I want to be an ant killer. Not when I grow up. Now! One of the things I hate about living in the South is having to deal with ubiquitous red fire ant mounds. Unlike the harmless black ants I knew growing up in New England, fire ants are a painful pest to deal with. As a kid, I often watched black ants carrying crumbs of food to their silver-dollar-sized mounds, without any worry of being bitten. Fire ants are another critter altogether! Left alone, fire ant mounds can grow many inches tall and feet wide. And fire ants are aggressive, with painful and itchy bites that leave marks for weeks. Trust me, I know. (As a note: apple cider vinegar applied to the bites will ease the pain and itch as well as prevent them from causing marks.) Well, this past week, I was determined to rid my yard and garden of them once and for all.
Southern garden centers have entire rows of fire ant pesticide products, and many of them WILL kill ants in the hills the granules are applied to. However, the products are so poisonous, they can NOT be used in the garden around edible plants – which is a problem, because fire ant squatters have invaded several of my raised beds. So, what to do??
A coworker, who is a Charleston native, told me to sprinkle uncooked grits on the mounds; the fire ants will eat the grits and die when the grits expand. Being a cerebral gardener, I researched that and found that grits won’t work afterall. Adult fire ants don’t eat solid foods. They only drink liquids. Their larvae do eat solids, but they chew it with saliva (like we do), so grits wouldn’t work on them either. Okay…dispatch that Southern myth.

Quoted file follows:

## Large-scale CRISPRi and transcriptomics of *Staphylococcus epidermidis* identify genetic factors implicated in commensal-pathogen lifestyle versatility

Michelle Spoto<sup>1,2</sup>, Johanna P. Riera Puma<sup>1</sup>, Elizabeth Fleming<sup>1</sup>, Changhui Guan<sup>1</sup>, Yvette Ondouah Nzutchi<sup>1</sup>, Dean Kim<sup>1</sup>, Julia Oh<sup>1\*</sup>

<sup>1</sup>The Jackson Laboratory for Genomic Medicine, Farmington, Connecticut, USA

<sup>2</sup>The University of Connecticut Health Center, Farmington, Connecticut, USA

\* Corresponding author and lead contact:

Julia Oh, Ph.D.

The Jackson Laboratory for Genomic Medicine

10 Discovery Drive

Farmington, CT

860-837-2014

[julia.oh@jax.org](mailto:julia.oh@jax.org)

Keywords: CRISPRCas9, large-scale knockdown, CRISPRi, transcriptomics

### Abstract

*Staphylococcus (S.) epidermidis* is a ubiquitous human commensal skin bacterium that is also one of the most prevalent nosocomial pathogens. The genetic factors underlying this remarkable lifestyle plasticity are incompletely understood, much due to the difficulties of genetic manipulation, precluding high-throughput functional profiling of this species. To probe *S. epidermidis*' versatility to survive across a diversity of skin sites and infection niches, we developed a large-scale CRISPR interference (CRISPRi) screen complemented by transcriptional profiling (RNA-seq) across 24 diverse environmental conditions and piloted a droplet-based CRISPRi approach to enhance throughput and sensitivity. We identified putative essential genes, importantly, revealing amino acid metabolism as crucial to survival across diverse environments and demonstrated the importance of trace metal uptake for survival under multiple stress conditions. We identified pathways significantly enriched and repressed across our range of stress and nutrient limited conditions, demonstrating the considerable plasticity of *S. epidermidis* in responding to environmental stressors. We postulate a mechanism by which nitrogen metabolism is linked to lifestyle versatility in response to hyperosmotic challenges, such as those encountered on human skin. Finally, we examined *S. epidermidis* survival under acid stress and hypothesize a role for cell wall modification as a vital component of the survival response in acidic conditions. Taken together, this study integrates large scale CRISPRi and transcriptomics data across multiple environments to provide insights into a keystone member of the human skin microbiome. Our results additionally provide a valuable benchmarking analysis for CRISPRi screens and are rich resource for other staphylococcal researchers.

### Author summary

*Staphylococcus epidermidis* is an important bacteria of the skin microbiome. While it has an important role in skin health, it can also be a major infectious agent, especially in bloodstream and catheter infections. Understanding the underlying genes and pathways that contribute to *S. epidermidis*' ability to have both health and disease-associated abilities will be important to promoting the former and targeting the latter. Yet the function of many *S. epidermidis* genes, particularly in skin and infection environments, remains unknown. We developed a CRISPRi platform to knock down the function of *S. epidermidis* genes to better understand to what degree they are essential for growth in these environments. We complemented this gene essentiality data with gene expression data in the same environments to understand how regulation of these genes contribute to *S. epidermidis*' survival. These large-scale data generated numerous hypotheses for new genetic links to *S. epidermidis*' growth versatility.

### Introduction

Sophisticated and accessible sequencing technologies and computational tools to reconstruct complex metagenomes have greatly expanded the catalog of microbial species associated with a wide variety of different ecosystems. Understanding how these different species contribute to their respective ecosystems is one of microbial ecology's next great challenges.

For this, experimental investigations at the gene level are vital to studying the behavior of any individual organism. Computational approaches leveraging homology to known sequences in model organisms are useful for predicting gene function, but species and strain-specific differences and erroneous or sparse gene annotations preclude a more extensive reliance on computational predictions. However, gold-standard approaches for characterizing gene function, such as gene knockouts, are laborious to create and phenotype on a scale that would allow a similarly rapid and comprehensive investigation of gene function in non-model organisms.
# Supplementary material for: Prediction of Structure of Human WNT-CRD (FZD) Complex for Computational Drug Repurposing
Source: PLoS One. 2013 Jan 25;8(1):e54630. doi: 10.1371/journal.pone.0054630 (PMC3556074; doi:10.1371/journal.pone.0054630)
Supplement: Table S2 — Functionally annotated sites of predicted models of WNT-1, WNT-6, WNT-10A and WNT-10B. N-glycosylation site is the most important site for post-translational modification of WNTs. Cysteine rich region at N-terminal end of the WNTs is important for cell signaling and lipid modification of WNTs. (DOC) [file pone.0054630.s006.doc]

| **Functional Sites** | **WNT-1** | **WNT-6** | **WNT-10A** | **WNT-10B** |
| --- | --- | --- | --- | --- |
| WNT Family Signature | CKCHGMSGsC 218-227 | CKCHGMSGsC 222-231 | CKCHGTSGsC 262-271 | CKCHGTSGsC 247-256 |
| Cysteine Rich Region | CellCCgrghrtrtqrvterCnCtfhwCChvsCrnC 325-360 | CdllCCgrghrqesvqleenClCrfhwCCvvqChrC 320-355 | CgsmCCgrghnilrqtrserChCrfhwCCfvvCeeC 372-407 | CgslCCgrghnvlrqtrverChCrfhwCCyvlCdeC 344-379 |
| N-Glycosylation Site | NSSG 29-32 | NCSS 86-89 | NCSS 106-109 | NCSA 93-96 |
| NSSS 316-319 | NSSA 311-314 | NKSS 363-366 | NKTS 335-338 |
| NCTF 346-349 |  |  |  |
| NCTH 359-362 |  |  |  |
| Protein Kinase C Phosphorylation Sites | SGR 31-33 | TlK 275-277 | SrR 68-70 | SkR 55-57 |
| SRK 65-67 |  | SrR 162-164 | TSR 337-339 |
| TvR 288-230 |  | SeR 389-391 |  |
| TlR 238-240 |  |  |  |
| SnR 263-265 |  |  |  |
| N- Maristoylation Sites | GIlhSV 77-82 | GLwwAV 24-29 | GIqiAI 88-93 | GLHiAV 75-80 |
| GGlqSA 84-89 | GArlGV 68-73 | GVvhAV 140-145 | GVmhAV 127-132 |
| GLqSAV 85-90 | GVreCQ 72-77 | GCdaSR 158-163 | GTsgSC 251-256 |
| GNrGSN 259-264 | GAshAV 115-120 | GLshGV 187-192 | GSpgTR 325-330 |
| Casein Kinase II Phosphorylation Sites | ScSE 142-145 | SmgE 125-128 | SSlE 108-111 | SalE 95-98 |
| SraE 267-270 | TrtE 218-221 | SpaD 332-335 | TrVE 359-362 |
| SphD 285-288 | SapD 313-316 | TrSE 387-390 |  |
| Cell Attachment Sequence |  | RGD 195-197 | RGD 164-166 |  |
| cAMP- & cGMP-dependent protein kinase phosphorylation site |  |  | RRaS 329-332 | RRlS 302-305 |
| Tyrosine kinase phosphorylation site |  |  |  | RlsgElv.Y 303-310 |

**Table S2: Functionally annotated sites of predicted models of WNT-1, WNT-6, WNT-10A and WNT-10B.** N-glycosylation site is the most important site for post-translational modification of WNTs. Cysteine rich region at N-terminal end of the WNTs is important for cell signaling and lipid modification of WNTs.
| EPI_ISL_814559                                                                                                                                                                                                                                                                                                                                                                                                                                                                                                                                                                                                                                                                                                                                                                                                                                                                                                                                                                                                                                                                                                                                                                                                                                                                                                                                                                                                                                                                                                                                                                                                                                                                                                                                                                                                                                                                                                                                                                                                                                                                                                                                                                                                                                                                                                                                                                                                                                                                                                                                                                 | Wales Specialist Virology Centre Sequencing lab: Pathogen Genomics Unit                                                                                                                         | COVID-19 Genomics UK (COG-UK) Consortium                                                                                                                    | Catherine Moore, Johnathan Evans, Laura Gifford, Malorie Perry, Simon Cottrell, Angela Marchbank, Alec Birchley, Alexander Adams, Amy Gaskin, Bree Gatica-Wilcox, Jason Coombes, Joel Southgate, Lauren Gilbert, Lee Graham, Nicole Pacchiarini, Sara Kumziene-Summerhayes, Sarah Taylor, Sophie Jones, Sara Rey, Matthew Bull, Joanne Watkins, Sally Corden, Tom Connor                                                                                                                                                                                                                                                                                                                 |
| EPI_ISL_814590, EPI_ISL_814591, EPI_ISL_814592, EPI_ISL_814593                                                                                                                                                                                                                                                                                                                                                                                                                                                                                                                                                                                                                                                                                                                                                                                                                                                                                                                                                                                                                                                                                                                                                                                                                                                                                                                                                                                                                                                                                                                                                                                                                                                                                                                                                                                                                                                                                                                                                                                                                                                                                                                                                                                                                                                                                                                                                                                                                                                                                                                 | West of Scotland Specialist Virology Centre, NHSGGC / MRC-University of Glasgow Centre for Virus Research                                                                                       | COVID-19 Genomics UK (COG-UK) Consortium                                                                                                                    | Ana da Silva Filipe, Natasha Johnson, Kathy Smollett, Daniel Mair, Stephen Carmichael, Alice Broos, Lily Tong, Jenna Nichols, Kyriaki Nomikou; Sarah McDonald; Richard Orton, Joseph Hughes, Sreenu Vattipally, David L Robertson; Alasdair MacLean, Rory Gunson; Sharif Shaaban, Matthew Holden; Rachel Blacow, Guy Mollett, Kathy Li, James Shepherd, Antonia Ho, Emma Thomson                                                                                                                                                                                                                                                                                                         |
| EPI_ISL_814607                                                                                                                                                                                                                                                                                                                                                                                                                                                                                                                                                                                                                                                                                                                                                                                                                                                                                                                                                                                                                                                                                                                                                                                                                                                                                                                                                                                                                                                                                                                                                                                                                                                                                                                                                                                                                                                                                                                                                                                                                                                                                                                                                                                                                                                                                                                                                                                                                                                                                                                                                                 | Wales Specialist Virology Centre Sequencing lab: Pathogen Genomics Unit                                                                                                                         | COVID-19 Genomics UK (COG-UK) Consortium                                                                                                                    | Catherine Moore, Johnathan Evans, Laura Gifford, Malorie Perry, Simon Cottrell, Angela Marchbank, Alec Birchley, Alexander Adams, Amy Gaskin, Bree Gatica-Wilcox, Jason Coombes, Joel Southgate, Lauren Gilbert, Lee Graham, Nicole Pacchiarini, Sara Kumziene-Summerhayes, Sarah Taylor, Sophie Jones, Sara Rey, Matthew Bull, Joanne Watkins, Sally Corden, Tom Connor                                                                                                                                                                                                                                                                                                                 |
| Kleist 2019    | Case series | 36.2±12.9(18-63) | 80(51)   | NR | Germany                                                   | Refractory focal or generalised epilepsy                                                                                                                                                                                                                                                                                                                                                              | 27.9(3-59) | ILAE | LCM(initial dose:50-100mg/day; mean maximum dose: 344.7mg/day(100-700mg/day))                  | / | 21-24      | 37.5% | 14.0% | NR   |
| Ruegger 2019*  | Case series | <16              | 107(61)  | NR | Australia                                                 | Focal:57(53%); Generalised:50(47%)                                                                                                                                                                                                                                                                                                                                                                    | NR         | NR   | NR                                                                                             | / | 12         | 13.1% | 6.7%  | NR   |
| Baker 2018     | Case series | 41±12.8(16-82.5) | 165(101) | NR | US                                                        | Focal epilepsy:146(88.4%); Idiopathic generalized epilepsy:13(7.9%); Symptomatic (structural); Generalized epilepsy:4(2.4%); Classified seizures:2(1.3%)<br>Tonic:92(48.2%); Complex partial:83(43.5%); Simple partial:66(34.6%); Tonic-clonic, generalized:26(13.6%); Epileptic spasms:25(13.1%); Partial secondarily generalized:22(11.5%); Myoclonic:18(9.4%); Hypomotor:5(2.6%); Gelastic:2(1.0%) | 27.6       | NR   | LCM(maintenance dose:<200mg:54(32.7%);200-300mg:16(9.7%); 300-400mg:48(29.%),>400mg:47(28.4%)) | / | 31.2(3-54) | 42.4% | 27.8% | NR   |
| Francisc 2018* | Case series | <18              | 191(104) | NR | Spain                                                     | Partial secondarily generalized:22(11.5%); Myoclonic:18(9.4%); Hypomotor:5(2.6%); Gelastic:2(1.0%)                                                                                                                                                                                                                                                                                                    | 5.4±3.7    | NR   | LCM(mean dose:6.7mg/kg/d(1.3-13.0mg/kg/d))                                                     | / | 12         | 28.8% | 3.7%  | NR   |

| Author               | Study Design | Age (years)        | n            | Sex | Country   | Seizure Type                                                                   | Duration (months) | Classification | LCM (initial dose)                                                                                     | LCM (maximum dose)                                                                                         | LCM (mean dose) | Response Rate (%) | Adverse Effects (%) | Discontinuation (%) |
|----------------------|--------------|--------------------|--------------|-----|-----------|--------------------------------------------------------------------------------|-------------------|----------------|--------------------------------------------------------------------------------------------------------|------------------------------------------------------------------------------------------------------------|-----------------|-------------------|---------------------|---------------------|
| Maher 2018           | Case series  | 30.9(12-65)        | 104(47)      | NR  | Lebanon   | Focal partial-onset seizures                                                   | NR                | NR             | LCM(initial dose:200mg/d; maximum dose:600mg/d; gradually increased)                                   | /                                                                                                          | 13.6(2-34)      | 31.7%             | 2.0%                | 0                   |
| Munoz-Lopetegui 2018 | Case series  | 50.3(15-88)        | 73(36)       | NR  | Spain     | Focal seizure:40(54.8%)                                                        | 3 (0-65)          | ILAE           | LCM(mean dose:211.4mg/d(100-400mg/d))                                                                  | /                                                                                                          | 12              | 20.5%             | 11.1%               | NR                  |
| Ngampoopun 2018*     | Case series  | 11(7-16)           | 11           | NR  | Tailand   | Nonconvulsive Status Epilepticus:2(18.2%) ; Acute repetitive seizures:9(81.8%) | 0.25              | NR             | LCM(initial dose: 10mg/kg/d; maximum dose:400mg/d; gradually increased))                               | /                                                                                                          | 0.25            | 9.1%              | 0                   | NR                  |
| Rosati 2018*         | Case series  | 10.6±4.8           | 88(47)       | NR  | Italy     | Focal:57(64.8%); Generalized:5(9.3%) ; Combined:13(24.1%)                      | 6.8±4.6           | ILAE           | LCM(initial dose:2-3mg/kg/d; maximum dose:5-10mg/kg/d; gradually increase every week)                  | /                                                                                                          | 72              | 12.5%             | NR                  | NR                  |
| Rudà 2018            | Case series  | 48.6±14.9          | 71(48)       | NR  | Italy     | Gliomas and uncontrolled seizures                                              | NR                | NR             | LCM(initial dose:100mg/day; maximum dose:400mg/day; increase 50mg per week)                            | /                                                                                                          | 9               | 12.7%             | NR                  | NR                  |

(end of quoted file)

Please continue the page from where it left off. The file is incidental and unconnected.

While researching, I found a few organic gardeners suggesting the use of diatomaceous earth (DE) on the mounds. The theory is that the sharp edges on the tiny shells the DE is made from will cut the ants. While I have used DE in the garden to keep beetles away, it won’t work with fire ants. The ants will just avoid it. Another gardener myth bites the dust.
I then read that pouring boiling water on the mounds is an effective killer, but it will also kill grass and surrounding plants. Obviously, not a good solution to my problem.
So, out of desperation, I grabbed my go-to organic pesticide: Neem oil. I mixed the proper solution and poured it on the fire ant hills in my raised beds. The larger mounds took more than one application, but it worked! Well, sort of. It did remove the ants from my raised beds, but it didn’t kill them. They just moved to another location in the yard. So, I then took the poison granules and killed them that way. Not the best move for an organic gardener, but at least my garden was safe. For now.
So, is there a safe method to actually KILL fire ants throughout the yard and garden? I have learned of a way! It seems that fire ant baits with spinosad are safe for organic farming, so they’re safe for gardens (and yards). Spinosad is fast acting and affects the fire ant’s nervous system, killing it within hours. There are two ways to use it:
- For small mounds (best to treat before they get large): Sprinkle the spinosad bait around the mound, not on it, when ants are foraging (early morning or late afternoon). Wait to see the ants out and about before applying. Use when there is no threat of rain for at least 24 hours, and don’t apply to wet grass.
- For large mounds (they get large quickly!): Use the spinosad as a mound drench. Mix the bait with water in a bucket, per instructions on the container, and apply one to two gallons of the solution on the mound. First, apply about 1/4 of the solution in a circle about 12 inches from the mound. (This will get the ants, including the queen, that may try to run away from the mound application.) Then pour the rest on the mound. Again, it will kill in hours!
So, I’m on a quest for a good supply of spinosad, so I can become a fire ant serial killer!
UPDATE: For more information on fire ant control, see my post, All Natural Fire Ant Control, with a recipe for a wonderful orange oil drench.